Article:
• Research modeling of carbon sequestration by lawns indicates that lawns in the United States alone can sequester between 12.5 million and 95 million tons of atmospheric carbon dioxide per year. That’s equivalent to the annual emissions of between 2.4 million and 18 million typical passenger vehicles.

  • The leaf density of grass ranges from 3.5 million to over 900 million shoots in a typical 5,000 sq. ft. lawn.

  • The total root length in a typical lawn has been shown to range from 66 to over 3000 meters of root length per liter of soil. That’s equivalent to 0.2 to 1.8 miles of root length per liter of soil.


There is another lawn “life” that exists right beneath your feet. This life just happens to be going on quietly underground while families and kids enjoy all that grass lawns have to offer on the surface.

There is a living, thriving, and breathing abundance of life that lawns support just beneath the surface. From plant and soil processes to arthropods and microorganisms, grass lawns sustain a wide range of life in urban and suburban neighborhoods all over the world.

As carbon is deposited into the soil, it contributes to soil organic carbon and can have a profound influence on ecosystem sustainability, soil fertility, and soil structure. Urban and suburban cities in many areas of the world are often developed on former agricultural land. As neighborhoods and communities are developed, hundreds of years of organic carbon deposited by plants are stripped off during construction practices so that homes and roads can be built onto the underlying mineral subsoils. Planting grass lawns, trees, shrubs, and other plants is the most effective way to return these disturbed soils into a more native state. The carbon deposited by these plants improves soil structure and aggregation, creates pore space for water and oxygen, and improves runoff capture. It also helps to promote growth and development of essential arthropods and microorganisms in the soil.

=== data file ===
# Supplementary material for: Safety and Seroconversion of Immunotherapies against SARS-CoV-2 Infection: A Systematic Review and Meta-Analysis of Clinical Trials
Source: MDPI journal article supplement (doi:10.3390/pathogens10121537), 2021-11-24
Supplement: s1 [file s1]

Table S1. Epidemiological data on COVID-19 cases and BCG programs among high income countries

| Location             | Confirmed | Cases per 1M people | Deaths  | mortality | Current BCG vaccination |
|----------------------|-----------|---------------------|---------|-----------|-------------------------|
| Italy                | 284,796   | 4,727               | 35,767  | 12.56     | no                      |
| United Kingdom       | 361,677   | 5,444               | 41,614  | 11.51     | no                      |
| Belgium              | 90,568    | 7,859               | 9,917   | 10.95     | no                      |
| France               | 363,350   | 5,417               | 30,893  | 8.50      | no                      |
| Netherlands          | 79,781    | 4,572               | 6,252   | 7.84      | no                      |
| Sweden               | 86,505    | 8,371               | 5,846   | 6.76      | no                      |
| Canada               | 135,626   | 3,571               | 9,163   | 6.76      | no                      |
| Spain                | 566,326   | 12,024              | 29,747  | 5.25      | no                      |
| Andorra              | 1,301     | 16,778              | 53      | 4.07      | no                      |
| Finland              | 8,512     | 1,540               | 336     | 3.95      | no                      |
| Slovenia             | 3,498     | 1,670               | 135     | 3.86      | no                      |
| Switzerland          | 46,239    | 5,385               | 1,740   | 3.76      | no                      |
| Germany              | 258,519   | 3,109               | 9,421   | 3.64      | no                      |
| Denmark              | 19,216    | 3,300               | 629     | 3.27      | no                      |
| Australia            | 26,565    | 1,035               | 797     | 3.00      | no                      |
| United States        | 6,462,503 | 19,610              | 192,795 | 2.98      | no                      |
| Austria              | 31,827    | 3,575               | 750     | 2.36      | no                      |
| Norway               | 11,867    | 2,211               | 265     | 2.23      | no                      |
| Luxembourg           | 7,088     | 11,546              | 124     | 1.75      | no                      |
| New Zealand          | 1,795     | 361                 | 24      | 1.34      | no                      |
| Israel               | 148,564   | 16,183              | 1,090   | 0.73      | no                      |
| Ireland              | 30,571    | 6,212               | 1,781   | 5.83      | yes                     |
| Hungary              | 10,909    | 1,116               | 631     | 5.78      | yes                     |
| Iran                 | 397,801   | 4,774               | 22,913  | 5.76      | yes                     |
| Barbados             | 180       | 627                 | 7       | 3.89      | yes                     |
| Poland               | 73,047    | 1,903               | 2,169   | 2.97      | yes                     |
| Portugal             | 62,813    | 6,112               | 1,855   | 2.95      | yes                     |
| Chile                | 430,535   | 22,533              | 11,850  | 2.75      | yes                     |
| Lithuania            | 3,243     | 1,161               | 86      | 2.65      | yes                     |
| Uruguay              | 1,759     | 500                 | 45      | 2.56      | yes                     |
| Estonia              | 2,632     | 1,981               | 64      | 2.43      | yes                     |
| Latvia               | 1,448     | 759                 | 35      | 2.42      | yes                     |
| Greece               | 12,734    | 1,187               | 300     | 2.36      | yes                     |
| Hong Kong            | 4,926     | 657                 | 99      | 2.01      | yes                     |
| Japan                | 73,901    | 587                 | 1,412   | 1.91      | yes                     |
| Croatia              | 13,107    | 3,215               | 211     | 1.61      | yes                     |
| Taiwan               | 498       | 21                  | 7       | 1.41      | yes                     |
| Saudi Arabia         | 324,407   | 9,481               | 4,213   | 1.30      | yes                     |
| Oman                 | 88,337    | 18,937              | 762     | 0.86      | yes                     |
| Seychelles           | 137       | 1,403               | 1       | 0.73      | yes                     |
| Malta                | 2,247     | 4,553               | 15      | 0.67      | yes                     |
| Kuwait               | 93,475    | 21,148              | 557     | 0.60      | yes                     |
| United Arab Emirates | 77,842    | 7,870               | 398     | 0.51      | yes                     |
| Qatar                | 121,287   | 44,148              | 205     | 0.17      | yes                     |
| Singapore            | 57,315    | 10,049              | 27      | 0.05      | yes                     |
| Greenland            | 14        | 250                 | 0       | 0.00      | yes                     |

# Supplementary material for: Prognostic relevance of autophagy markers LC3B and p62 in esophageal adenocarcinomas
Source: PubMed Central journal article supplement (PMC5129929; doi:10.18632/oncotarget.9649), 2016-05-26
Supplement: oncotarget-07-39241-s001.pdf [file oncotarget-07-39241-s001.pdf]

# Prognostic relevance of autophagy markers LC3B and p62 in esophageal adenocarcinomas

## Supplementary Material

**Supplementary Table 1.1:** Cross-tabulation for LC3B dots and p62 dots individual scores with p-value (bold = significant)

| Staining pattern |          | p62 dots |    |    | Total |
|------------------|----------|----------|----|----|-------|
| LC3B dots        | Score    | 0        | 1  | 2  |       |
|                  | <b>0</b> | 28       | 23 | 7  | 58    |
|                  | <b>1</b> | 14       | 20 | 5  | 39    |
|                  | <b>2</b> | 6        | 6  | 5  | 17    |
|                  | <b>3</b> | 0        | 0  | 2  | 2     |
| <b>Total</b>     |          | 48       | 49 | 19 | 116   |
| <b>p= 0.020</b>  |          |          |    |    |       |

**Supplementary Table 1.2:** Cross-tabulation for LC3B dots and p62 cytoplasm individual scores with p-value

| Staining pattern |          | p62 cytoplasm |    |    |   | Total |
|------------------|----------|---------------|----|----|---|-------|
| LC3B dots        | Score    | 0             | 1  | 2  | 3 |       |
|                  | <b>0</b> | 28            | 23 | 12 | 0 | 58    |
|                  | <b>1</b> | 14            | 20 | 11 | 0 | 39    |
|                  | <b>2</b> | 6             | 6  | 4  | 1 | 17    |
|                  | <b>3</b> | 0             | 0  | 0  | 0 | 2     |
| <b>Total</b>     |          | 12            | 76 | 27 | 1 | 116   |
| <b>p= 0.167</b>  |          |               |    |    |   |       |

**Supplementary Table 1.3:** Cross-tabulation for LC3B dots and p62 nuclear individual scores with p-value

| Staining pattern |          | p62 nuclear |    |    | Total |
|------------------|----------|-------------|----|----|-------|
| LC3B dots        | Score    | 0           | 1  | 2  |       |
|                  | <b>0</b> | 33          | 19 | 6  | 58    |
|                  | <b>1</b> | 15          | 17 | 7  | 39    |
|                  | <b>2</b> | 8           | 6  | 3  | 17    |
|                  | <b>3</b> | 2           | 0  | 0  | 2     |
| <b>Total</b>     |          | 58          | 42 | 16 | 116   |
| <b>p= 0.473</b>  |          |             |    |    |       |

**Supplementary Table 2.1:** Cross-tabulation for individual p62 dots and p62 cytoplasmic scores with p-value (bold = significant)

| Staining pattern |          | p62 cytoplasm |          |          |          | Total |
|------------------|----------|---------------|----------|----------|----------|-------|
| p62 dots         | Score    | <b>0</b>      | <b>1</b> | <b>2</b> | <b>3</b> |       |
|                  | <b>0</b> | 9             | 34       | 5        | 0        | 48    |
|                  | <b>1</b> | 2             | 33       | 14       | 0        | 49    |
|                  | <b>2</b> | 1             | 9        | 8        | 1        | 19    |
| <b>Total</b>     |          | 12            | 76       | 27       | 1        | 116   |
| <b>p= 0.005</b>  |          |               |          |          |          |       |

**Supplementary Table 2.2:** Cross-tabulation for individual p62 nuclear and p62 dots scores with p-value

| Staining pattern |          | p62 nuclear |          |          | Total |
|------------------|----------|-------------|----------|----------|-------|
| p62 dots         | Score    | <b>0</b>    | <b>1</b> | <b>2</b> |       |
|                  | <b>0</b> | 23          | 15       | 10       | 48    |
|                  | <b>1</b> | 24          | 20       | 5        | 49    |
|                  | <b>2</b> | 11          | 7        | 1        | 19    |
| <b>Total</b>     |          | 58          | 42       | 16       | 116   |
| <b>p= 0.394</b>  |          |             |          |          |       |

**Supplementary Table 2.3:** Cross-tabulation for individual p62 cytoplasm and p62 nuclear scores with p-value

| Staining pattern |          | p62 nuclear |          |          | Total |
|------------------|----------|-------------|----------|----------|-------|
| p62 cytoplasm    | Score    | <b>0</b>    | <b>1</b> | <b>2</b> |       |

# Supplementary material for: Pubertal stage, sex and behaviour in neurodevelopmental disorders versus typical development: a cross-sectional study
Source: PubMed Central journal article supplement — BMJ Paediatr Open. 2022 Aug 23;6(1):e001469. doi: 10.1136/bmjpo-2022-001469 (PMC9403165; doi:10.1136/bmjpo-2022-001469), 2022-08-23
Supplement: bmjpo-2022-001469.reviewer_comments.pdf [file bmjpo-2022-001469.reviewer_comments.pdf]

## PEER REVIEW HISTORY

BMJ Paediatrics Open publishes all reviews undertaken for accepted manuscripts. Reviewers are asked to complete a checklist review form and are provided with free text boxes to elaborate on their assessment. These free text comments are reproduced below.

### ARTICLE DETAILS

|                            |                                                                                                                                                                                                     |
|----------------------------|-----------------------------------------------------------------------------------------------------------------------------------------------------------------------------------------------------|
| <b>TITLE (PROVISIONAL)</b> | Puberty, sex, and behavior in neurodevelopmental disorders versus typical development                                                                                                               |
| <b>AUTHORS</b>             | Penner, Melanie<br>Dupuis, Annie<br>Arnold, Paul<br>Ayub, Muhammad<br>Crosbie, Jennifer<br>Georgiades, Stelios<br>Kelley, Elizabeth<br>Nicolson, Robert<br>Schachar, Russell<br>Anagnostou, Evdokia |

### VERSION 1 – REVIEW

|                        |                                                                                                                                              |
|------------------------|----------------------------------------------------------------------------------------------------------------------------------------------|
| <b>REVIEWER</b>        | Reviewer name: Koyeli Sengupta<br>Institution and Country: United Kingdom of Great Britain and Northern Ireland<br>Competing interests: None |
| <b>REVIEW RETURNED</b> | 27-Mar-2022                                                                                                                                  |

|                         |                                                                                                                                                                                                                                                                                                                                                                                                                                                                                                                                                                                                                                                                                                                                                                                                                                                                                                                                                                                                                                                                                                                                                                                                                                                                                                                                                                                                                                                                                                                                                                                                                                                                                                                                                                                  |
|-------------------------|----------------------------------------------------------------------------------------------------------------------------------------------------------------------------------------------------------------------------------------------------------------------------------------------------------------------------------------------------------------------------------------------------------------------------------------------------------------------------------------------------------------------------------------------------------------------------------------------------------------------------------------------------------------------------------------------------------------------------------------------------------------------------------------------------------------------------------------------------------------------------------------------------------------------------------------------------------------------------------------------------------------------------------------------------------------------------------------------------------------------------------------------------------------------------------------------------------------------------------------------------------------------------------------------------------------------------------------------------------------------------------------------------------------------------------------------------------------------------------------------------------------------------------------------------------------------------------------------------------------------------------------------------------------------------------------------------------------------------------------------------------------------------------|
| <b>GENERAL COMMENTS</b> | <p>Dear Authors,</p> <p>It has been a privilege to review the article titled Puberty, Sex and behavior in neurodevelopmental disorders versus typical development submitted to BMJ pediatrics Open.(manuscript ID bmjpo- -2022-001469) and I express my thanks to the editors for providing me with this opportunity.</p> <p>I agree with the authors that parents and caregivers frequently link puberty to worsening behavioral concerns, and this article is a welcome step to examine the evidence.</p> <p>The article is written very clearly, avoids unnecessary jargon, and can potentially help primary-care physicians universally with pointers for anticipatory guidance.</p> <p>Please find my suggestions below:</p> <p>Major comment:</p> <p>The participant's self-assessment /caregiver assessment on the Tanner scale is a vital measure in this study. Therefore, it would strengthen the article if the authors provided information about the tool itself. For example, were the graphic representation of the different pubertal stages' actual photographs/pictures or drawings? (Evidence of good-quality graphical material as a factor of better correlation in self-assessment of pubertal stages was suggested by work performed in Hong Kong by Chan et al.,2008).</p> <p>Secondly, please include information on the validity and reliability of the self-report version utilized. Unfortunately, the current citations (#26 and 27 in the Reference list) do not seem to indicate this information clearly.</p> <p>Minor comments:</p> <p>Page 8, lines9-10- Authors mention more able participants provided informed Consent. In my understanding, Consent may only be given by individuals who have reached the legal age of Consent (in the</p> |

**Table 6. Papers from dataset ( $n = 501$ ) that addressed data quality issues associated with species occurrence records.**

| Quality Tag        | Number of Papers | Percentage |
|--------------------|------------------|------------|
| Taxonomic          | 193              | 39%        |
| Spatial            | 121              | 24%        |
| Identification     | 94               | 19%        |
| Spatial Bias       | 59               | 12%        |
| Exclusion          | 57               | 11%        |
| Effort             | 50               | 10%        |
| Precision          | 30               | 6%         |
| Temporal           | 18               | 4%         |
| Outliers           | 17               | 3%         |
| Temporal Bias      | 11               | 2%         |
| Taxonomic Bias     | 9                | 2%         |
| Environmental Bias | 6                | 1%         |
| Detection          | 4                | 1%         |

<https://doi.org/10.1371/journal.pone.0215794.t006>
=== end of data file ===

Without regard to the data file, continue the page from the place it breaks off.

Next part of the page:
Managed lawns can host as many as 52 different arthropod families, with over half of them representing beneficial insects such as predators and parasitoids.

  • Researchers in the United States found over 330,000 arthropods in 20 home lawns within just a 3-month sampling period.

  • Ants are important providers of ecosystem services and are abundant and diverse in managed lawns.

  • Up to 28 genera of nematodes can be found in home lawns including bacterivores, predators, omnivores, and plant parasites.


Does rain follow the lawn? By growing more vegetation, we get more rain.[6]

Many studies show that the humidity produced by plants attracts rain. If we continue to remove large areas of green plants and replace them with large paved areas — gravel included — we reduce the capacity of our entire urban area to produce the humidity required to attract rain.

This effect is easy to see, as the rain clouds daily build into promising forms and simply pass us by. If we are concerned about our water future, shouldn’t we be trying to entice rain?


Based on years of experience, research, and testing learned from agriculture and our business experience, associated with the turfgrass sod production industry, we have come to know that turfgrass and vegetation is essential to the growth, ecosystem, health, and well being of urban areas. Water levels in Utah have suffered through longer periods of drought, and agriculture (turfgrass in particular) has been considered the offender. Based on the above facts and research, the real cause is the removal of plant life from the environment for the purpose of building cities. In order to counter this, we need to, instead of removing grass lawns and replacing them with concrete, asphalt and xeriscaping, add more grass lawns, and plants in urban areas, and educate on better watering techniques, and schedules.

We are a turf producer but we also sell various landscape products including xeriscaping products and decorative rock products. We understand the financial impact that is caused by discouraging inhabitants of the state to install or keep grass lawns to our profits, however it is countered by our sales of xeriscaping products and therefore is not our concern. Our main concern is the environmental impact that is associated with removing grass and vegetation from the suburban and urban ecosystems and environments. Reduction of grass and vegetation is a large part of the true cause of “global warming.” Preserving and increasing grass and vegetation is the main way to overcome the effects of environmental warming and years of poor water conservation practices. Focusing our limited financial resources on improving agriculture and suburban water delivery systems will help conserve water resources better and use water in the right places.


[1] The Lawn Institute, “Lawn Care Basics”

[3] Sod Solutions, “Environmental Impacts of Artificial Turfgrass”

[4] The Lawn Institute, “Carbon Sequestration”

[6], “Influence of Land-Surface Evapotranspiration on the Earth's Climate“

[9] Our World in Data, “Urban and Rural Populations in the United States”